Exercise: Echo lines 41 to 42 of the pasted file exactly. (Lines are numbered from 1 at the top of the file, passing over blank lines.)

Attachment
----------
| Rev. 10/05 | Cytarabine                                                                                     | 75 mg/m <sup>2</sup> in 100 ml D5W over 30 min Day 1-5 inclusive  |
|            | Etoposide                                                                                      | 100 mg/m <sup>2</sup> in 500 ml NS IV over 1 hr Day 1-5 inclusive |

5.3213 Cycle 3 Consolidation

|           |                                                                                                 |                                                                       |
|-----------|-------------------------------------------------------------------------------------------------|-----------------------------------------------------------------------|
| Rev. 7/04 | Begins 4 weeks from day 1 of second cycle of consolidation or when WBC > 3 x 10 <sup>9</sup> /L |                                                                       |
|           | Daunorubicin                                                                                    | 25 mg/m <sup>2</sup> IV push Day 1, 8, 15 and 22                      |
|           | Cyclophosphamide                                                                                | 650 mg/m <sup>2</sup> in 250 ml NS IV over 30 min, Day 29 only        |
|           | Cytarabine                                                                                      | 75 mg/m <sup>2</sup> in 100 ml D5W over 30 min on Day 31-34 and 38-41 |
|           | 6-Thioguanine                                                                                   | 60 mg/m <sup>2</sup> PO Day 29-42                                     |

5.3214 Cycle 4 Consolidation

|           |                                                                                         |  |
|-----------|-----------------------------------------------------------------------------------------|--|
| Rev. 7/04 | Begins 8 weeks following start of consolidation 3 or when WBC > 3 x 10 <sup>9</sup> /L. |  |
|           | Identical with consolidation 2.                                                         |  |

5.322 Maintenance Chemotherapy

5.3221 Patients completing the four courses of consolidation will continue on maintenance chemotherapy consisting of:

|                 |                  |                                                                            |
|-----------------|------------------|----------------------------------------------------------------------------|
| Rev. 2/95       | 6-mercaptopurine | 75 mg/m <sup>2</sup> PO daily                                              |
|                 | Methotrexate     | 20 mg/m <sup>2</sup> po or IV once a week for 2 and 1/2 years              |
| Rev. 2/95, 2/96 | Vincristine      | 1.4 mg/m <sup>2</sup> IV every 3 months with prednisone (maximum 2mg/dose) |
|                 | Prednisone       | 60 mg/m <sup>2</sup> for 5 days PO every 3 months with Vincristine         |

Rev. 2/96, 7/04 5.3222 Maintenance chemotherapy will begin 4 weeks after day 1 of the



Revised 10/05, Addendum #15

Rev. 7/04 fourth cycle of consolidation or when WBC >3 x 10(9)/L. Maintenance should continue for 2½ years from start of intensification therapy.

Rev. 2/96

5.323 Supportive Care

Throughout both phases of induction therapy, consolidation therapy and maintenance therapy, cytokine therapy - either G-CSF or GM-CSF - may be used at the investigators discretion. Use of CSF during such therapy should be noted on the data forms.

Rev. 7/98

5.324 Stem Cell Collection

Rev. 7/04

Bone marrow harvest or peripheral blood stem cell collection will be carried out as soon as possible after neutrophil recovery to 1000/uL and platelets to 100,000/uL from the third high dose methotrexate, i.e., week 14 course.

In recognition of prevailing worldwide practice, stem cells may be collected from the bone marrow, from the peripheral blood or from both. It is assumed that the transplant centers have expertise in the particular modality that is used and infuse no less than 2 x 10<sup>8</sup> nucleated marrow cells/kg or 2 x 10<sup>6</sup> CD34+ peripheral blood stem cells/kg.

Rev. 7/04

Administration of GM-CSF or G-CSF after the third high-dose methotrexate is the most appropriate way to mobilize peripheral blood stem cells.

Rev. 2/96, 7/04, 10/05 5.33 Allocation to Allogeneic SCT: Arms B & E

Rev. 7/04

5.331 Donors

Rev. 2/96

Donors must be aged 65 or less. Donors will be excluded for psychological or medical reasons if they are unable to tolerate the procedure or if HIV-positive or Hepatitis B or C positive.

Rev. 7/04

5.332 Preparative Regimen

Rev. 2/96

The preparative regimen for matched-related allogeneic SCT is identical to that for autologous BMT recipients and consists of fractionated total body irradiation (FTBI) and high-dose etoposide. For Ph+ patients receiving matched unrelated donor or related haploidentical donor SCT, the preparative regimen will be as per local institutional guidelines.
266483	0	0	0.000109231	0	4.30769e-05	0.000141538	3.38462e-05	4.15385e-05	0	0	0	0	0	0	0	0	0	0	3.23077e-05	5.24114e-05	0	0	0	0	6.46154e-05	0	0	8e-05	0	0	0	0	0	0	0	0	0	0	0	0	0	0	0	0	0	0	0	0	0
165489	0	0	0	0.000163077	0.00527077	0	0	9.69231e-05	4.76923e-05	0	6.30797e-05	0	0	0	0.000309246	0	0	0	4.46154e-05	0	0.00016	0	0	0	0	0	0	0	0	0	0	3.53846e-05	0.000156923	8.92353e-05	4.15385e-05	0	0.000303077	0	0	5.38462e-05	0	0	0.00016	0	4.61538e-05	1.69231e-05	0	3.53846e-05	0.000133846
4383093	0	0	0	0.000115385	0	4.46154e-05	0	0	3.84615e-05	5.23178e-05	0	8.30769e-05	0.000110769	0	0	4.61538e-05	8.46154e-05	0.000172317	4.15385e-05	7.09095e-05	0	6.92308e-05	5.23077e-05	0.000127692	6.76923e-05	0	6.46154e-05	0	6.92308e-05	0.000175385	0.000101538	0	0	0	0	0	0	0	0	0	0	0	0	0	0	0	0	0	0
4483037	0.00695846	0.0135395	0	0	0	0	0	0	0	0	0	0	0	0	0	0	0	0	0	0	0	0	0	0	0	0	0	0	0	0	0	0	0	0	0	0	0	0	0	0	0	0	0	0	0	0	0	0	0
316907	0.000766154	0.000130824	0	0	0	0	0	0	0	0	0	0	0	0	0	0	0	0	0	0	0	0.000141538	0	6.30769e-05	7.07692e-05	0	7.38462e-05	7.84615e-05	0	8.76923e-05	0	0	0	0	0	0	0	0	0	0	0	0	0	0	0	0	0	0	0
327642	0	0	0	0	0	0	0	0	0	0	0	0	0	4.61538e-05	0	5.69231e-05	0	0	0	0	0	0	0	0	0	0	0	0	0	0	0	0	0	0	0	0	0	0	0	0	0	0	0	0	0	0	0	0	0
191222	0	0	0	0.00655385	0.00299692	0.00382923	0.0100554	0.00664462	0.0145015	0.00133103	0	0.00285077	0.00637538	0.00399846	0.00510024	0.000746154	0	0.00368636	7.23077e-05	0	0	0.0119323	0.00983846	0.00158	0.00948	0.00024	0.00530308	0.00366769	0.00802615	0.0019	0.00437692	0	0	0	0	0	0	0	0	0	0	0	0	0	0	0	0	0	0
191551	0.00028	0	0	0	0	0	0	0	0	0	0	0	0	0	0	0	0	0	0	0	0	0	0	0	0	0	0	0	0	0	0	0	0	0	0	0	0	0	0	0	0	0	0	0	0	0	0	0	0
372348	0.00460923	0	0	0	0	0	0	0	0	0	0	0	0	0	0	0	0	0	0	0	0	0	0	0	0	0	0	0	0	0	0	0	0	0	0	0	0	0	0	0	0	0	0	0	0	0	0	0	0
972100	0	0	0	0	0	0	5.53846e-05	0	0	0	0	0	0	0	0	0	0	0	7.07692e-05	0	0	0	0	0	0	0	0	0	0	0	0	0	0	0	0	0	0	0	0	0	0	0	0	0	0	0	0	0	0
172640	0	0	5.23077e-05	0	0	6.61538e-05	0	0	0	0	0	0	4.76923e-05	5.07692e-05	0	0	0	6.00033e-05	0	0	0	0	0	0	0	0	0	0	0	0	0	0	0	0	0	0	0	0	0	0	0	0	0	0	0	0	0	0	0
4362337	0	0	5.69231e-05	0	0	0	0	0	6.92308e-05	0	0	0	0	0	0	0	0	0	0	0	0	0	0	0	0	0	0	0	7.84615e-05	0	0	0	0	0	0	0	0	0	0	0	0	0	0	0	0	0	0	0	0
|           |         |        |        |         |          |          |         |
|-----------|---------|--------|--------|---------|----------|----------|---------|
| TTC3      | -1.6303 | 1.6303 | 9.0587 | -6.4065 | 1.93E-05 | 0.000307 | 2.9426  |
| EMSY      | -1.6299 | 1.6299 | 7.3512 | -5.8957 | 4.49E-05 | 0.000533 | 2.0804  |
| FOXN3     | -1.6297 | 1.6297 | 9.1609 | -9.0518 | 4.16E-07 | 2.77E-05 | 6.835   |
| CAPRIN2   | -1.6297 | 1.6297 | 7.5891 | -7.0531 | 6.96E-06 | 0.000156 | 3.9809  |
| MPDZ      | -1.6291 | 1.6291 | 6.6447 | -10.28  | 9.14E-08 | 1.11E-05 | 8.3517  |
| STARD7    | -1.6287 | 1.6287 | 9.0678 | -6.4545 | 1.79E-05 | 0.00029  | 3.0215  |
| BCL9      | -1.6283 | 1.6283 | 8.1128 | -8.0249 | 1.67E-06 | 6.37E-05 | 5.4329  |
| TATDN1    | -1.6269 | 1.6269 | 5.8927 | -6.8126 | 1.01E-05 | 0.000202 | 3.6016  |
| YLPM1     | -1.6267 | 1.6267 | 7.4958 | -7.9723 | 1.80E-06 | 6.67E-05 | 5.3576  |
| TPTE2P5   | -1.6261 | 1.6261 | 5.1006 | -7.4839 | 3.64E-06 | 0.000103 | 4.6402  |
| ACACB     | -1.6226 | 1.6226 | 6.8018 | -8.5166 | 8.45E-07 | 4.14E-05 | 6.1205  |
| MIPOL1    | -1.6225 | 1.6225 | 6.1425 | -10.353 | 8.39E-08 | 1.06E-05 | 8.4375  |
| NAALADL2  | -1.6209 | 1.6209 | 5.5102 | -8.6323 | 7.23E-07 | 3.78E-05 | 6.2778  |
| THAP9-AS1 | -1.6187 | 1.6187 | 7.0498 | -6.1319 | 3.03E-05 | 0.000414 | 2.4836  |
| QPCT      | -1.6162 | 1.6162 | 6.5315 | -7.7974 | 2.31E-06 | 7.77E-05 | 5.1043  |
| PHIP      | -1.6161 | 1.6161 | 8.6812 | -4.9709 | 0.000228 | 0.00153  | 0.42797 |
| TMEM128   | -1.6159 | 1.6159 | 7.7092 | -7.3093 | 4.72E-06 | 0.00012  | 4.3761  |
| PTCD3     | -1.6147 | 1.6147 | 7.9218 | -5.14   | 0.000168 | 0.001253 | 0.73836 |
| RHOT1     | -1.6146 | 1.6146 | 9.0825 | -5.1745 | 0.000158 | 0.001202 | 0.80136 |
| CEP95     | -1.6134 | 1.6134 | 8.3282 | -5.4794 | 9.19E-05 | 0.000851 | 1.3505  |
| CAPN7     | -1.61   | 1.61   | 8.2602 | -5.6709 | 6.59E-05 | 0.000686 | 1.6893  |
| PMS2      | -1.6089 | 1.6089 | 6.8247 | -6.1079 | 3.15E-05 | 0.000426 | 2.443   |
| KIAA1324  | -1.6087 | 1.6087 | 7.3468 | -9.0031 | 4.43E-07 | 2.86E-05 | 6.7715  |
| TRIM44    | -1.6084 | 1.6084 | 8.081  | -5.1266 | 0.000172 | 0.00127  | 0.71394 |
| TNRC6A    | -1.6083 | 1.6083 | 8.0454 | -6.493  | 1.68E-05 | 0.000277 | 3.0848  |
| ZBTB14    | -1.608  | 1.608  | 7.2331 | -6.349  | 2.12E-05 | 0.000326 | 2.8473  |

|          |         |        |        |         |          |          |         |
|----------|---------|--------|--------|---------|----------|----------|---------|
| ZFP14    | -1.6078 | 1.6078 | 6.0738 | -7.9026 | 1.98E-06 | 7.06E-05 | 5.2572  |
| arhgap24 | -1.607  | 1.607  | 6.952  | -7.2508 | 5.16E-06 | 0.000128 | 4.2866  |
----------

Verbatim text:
Donors must be aged 65 or less. Donors will be excluded for psychological or medical reasons if they are unable to tolerate the procedure or if HIV-positive or Hepatitis B or C positive.

Rev. 7/04